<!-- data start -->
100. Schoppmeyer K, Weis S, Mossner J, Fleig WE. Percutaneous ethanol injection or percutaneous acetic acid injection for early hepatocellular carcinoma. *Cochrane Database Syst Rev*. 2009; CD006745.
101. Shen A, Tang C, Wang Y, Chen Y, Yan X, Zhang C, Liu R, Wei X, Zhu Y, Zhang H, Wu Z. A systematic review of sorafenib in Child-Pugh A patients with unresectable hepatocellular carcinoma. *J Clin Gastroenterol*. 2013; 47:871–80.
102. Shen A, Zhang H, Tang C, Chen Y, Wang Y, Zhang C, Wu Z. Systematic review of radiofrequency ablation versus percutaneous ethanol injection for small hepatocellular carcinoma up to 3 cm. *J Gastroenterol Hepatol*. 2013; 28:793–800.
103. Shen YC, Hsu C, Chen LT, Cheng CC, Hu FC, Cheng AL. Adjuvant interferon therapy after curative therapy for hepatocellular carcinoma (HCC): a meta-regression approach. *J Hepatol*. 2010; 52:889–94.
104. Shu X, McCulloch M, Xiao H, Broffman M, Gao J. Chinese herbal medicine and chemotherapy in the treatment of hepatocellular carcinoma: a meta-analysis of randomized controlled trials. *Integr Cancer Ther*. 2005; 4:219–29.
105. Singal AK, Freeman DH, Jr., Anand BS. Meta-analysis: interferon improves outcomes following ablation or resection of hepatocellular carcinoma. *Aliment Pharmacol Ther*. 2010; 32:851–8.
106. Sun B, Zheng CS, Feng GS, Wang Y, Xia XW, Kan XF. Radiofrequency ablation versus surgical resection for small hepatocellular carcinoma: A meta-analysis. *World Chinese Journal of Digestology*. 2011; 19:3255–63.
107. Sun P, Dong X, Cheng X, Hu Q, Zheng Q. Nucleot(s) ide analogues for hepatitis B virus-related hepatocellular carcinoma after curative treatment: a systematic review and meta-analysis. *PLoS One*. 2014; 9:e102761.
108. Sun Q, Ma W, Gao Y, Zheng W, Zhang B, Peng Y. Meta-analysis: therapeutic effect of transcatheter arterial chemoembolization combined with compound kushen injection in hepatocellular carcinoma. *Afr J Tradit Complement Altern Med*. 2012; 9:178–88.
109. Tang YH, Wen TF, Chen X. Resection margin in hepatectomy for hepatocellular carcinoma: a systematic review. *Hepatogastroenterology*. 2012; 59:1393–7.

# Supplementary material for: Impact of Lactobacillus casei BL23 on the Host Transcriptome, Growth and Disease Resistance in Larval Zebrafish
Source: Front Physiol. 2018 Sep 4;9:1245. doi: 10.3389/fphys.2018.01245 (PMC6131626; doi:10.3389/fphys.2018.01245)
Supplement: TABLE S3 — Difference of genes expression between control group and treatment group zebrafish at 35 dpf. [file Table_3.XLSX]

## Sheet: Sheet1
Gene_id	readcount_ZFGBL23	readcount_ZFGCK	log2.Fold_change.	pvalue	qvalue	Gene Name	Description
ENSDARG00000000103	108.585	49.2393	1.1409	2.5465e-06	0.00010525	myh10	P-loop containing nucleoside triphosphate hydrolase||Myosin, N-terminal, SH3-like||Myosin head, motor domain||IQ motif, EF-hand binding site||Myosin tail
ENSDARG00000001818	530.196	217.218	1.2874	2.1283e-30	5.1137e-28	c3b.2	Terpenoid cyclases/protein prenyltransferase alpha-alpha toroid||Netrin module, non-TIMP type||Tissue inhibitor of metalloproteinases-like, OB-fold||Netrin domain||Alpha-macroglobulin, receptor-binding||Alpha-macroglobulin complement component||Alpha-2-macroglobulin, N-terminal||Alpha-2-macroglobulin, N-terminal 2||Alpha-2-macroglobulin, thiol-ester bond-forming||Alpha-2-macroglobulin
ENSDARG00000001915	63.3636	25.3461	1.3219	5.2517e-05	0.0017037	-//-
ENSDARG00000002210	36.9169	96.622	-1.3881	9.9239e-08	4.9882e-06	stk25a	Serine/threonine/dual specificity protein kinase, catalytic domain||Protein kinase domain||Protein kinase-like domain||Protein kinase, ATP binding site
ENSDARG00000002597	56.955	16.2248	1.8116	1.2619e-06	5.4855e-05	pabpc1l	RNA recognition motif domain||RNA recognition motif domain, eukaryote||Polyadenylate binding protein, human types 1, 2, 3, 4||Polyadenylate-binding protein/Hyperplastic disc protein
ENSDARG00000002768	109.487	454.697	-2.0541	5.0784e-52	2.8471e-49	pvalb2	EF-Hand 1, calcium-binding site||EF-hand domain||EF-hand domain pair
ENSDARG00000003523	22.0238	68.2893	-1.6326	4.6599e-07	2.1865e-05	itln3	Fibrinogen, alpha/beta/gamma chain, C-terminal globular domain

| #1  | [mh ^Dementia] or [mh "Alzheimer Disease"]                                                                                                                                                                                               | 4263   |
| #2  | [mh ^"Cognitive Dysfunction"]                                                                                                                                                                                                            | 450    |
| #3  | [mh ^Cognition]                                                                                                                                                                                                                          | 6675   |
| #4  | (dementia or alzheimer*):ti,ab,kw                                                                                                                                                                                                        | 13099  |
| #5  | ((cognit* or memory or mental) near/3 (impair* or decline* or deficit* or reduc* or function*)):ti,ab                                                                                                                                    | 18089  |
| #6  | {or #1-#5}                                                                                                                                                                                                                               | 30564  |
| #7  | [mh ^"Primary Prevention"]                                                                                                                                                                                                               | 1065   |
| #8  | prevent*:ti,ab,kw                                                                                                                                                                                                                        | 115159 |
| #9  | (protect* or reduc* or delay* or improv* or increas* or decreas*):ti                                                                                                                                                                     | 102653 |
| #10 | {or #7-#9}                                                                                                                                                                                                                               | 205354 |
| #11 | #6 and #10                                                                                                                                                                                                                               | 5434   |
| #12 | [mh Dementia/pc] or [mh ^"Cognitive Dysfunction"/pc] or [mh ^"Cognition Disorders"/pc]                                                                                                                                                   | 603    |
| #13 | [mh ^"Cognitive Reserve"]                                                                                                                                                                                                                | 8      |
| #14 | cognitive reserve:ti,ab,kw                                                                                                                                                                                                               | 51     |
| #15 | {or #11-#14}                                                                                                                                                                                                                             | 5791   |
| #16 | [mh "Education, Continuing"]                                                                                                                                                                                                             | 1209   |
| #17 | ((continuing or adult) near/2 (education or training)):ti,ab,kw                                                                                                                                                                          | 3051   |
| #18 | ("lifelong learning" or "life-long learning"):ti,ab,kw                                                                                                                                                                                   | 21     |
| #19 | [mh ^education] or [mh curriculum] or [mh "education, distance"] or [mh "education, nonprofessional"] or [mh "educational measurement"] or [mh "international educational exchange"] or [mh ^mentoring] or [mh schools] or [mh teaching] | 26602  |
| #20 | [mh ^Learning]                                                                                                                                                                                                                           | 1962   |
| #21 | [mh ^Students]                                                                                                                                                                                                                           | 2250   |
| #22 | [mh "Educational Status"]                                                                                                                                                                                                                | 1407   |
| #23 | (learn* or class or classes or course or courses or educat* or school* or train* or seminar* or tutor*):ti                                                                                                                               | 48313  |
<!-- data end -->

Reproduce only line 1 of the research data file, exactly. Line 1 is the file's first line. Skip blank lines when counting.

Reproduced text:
100. Schoppmeyer K, Weis S, Mossner J, Fleig WE. Percutaneous ethanol injection or percutaneous acetic acid injection for early hepatocellular carcinoma. *Cochrane Database Syst Rev*. 2009; CD006745.